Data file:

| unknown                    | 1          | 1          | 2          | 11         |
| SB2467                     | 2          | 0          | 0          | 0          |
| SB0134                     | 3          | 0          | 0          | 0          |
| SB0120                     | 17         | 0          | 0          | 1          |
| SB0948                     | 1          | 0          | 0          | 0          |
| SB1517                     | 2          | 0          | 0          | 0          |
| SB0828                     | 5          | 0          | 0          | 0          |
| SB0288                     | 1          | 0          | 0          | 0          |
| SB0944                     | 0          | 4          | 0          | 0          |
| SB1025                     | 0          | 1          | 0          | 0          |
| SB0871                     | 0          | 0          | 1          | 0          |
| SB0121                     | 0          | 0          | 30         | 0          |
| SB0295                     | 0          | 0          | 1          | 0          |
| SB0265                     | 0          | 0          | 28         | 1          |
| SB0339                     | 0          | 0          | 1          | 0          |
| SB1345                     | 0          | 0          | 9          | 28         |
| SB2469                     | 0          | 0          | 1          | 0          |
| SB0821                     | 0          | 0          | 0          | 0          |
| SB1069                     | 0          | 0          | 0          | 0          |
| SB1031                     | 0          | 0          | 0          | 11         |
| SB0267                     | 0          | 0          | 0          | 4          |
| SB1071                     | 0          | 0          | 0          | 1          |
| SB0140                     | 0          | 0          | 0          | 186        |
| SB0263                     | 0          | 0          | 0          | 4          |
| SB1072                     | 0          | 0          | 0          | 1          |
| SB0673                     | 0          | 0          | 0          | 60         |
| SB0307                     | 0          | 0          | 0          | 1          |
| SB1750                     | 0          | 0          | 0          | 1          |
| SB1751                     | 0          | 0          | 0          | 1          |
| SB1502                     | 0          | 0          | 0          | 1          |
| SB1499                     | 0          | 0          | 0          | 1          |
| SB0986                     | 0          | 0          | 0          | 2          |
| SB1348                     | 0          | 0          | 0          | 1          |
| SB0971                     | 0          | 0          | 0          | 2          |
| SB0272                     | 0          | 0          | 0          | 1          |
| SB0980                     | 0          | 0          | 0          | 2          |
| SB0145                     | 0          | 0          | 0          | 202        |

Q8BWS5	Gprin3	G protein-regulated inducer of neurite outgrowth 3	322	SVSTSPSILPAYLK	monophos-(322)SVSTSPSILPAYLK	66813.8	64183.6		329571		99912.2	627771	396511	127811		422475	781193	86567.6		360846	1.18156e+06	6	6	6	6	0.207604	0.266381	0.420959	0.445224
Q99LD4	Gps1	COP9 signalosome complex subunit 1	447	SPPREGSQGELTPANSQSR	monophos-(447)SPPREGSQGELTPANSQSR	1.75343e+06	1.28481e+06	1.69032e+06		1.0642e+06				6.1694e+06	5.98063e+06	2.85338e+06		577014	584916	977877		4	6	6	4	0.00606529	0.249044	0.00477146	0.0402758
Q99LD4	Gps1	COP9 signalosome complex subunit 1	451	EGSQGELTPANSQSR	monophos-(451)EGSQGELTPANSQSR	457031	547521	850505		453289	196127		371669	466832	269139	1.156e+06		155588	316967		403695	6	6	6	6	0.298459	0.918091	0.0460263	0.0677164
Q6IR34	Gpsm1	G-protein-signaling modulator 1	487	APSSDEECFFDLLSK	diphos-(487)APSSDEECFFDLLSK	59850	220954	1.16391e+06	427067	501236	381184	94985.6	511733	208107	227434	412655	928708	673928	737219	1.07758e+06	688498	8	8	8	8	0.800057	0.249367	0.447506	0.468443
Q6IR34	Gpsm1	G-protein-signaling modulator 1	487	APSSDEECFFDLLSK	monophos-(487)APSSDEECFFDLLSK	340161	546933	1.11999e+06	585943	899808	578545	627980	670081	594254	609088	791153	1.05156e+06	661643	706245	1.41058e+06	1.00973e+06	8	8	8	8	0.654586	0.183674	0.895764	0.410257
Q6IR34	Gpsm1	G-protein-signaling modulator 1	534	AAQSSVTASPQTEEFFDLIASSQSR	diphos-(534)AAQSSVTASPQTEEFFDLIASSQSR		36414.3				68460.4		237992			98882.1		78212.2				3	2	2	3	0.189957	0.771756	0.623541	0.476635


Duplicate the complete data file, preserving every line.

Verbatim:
| unknown                    | 1          | 1          | 2          | 11         |
| SB2467                     | 2          | 0          | 0          | 0          |
| SB0134                     | 3          | 0          | 0          | 0          |
| SB0120                     | 17         | 0          | 0          | 1          |
| SB0948                     | 1          | 0          | 0          | 0          |
| SB1517                     | 2          | 0          | 0          | 0          |
| SB0828                     | 5          | 0          | 0          | 0          |
| SB0288                     | 1          | 0          | 0          | 0          |
| SB0944                     | 0          | 4          | 0          | 0          |
| SB1025                     | 0          | 1          | 0          | 0          |
| SB0871                     | 0          | 0          | 1          | 0          |
| SB0121                     | 0          | 0          | 30         | 0          |
| SB0295                     | 0          | 0          | 1          | 0          |
| SB0265                     | 0          | 0          | 28         | 1          |
| SB0339                     | 0          | 0          | 1          | 0          |
| SB1345                     | 0          | 0          | 9          | 28         |
| SB2469                     | 0          | 0          | 1          | 0          |
| SB0821                     | 0          | 0          | 0          | 0          |
| SB1069                     | 0          | 0          | 0          | 0          |
| SB1031                     | 0          | 0          | 0          | 11         |
| SB0267                     | 0          | 0          | 0          | 4          |
| SB1071                     | 0          | 0          | 0          | 1          |
| SB0140                     | 0          | 0          | 0          | 186        |
| SB0263                     | 0          | 0          | 0          | 4          |
| SB1072                     | 0          | 0          | 0          | 1          |
| SB0673                     | 0          | 0          | 0          | 60         |
| SB0307                     | 0          | 0          | 0          | 1          |
| SB1750                     | 0          | 0          | 0          | 1          |
| SB1751                     | 0          | 0          | 0          | 1          |
| SB1502                     | 0          | 0          | 0          | 1          |
| SB1499                     | 0          | 0          | 0          | 1          |
| SB0986                     | 0          | 0          | 0          | 2          |
| SB1348                     | 0          | 0          | 0          | 1          |
| SB0971                     | 0          | 0          | 0          | 2          |
| SB0272                     | 0          | 0          | 0          | 1          |
| SB0980                     | 0          | 0          | 0          | 2          |
| SB0145                     | 0          | 0          | 0          | 202        |

Q8BWS5	Gprin3	G protein-regulated inducer of neurite outgrowth 3	322	SVSTSPSILPAYLK	monophos-(322)SVSTSPSILPAYLK	66813.8	64183.6		329571		99912.2	627771	396511	127811		422475	781193	86567.6		360846	1.18156e+06	6	6	6	6	0.207604	0.266381	0.420959	0.445224
Q99LD4	Gps1	COP9 signalosome complex subunit 1	447	SPPREGSQGELTPANSQSR	monophos-(447)SPPREGSQGELTPANSQSR	1.75343e+06	1.28481e+06	1.69032e+06		1.0642e+06				6.1694e+06	5.98063e+06	2.85338e+06		577014	584916	977877		4	6	6	4	0.00606529	0.249044	0.00477146	0.0402758
Q99LD4	Gps1	COP9 signalosome complex subunit 1	451	EGSQGELTPANSQSR	monophos-(451)EGSQGELTPANSQSR	457031	547521	850505		453289	196127		371669	466832	269139	1.156e+06		155588	316967		403695	6	6	6	6	0.298459	0.918091	0.0460263	0.0677164
Q6IR34	Gpsm1	G-protein-signaling modulator 1	487	APSSDEECFFDLLSK	diphos-(487)APSSDEECFFDLLSK	59850	220954	1.16391e+06	427067	501236	381184	94985.6	511733	208107	227434	412655	928708	673928	737219	1.07758e+06	688498	8	8	8	8	0.800057	0.249367	0.447506	0.468443
Q6IR34	Gpsm1	G-protein-signaling modulator 1	487	APSSDEECFFDLLSK	monophos-(487)APSSDEECFFDLLSK	340161	546933	1.11999e+06	585943	899808	578545	627980	670081	594254	609088	791153	1.05156e+06	661643	706245	1.41058e+06	1.00973e+06	8	8	8	8	0.654586	0.183674	0.895764	0.410257
Q6IR34	Gpsm1	G-protein-signaling modulator 1	534	AAQSSVTASPQTEEFFDLIASSQSR	diphos-(534)AAQSSVTASPQTEEFFDLIASSQSR		36414.3				68460.4		237992			98882.1		78212.2				3	2	2	3	0.189957	0.771756	0.623541	0.476635